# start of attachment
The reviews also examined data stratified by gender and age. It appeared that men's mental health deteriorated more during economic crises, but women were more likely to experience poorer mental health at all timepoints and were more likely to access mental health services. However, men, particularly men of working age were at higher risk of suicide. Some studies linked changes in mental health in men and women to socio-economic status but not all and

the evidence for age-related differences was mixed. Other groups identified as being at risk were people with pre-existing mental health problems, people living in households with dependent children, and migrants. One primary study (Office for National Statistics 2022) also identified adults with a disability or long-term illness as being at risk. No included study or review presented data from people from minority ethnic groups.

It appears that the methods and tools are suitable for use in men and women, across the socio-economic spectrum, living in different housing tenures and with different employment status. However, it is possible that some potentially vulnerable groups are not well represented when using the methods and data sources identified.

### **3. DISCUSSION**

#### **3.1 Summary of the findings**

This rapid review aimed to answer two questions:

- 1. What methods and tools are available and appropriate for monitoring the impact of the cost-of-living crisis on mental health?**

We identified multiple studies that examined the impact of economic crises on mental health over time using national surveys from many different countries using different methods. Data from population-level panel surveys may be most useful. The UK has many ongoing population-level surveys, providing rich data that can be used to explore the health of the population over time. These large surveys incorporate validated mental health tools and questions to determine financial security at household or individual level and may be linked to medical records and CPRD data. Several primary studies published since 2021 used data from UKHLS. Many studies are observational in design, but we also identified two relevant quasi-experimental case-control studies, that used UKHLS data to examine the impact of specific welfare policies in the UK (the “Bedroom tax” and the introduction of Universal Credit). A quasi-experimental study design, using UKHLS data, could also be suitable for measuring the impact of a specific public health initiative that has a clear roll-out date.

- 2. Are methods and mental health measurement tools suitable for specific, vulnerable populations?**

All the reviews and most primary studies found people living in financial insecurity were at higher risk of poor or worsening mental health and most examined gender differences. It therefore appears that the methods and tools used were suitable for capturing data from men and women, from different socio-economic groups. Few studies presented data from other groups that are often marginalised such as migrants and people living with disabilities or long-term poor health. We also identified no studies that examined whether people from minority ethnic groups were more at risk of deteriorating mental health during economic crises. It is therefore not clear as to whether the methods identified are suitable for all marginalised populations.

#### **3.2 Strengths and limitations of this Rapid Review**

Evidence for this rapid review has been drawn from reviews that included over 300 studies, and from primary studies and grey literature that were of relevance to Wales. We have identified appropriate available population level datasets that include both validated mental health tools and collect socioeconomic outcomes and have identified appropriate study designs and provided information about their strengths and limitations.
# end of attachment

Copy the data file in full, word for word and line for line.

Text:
The reviews also examined data stratified by gender and age. It appeared that men's mental health deteriorated more during economic crises, but women were more likely to experience poorer mental health at all timepoints and were more likely to access mental health services. However, men, particularly men of working age were at higher risk of suicide. Some studies linked changes in mental health in men and women to socio-economic status but not all and

the evidence for age-related differences was mixed. Other groups identified as being at risk were people with pre-existing mental health problems, people living in households with dependent children, and migrants. One primary study (Office for National Statistics 2022) also identified adults with a disability or long-term illness as being at risk. No included study or review presented data from people from minority ethnic groups.

It appears that the methods and tools are suitable for use in men and women, across the socio-economic spectrum, living in different housing tenures and with different employment status. However, it is possible that some potentially vulnerable groups are not well represented when using the methods and data sources identified.

### **3. DISCUSSION**

#### **3.1 Summary of the findings**

This rapid review aimed to answer two questions:

- 1. What methods and tools are available and appropriate for monitoring the impact of the cost-of-living crisis on mental health?**

We identified multiple studies that examined the impact of economic crises on mental health over time using national surveys from many different countries using different methods. Data from population-level panel surveys may be most useful. The UK has many ongoing population-level surveys, providing rich data that can be used to explore the health of the population over time. These large surveys incorporate validated mental health tools and questions to determine financial security at household or individual level and may be linked to medical records and CPRD data. Several primary studies published since 2021 used data from UKHLS. Many studies are observational in design, but we also identified two relevant quasi-experimental case-control studies, that used UKHLS data to examine the impact of specific welfare policies in the UK (the “Bedroom tax” and the introduction of Universal Credit). A quasi-experimental study design, using UKHLS data, could also be suitable for measuring the impact of a specific public health initiative that has a clear roll-out date.

- 2. Are methods and mental health measurement tools suitable for specific, vulnerable populations?**

All the reviews and most primary studies found people living in financial insecurity were at higher risk of poor or worsening mental health and most examined gender differences. It therefore appears that the methods and tools used were suitable for capturing data from men and women, from different socio-economic groups. Few studies presented data from other groups that are often marginalised such as migrants and people living with disabilities or long-term poor health. We also identified no studies that examined whether people from minority ethnic groups were more at risk of deteriorating mental health during economic crises. It is therefore not clear as to whether the methods identified are suitable for all marginalised populations.

#### **3.2 Strengths and limitations of this Rapid Review**

Evidence for this rapid review has been drawn from reviews that included over 300 studies, and from primary studies and grey literature that were of relevance to Wales. We have identified appropriate available population level datasets that include both validated mental health tools and collect socioeconomic outcomes and have identified appropriate study designs and provided information about their strengths and limitations.